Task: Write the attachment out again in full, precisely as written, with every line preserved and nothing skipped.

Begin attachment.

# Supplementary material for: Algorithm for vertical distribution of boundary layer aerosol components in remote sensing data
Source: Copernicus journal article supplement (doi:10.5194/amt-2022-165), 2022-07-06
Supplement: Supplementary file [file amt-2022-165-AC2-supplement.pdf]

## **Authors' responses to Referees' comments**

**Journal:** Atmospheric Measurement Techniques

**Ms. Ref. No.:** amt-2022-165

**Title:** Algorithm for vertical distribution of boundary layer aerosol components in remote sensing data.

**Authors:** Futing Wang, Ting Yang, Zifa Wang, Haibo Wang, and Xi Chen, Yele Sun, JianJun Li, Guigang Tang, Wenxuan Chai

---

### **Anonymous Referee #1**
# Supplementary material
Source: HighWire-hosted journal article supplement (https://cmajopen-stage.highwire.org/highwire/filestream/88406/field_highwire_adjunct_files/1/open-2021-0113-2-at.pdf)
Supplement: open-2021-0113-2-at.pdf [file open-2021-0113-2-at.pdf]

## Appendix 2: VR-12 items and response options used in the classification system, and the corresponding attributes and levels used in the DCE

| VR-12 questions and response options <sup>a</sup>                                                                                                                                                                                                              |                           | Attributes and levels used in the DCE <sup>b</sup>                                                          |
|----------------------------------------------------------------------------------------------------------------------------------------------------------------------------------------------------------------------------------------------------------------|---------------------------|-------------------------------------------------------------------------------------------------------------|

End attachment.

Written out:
# Supplementary material for: Algorithm for vertical distribution of boundary layer aerosol components in remote sensing data
Source: Copernicus journal article supplement (doi:10.5194/amt-2022-165), 2022-07-06
Supplement: Supplementary file [file amt-2022-165-AC2-supplement.pdf]

## **Authors' responses to Referees' comments**

**Journal:** Atmospheric Measurement Techniques

**Ms. Ref. No.:** amt-2022-165

**Title:** Algorithm for vertical distribution of boundary layer aerosol components in remote sensing data.

**Authors:** Futing Wang, Ting Yang, Zifa Wang, Haibo Wang, and Xi Chen, Yele Sun, JianJun Li, Guigang Tang, Wenxuan Chai

---

### **Anonymous Referee #1**
# Supplementary material
Source: HighWire-hosted journal article supplement (https://cmajopen-stage.highwire.org/highwire/filestream/88406/field_highwire_adjunct_files/1/open-2021-0113-2-at.pdf)
Supplement: open-2021-0113-2-at.pdf [file open-2021-0113-2-at.pdf]

## Appendix 2: VR-12 items and response options used in the classification system, and the corresponding attributes and levels used in the DCE

| VR-12 questions and response options <sup>a</sup>                                                                                                                                                                                                              |                           | Attributes and levels used in the DCE <sup>b</sup>                                                          |
|----------------------------------------------------------------------------------------------------------------------------------------------------------------------------------------------------------------------------------------------------------------|---------------------------|-------------------------------------------------------------------------------------------------------------|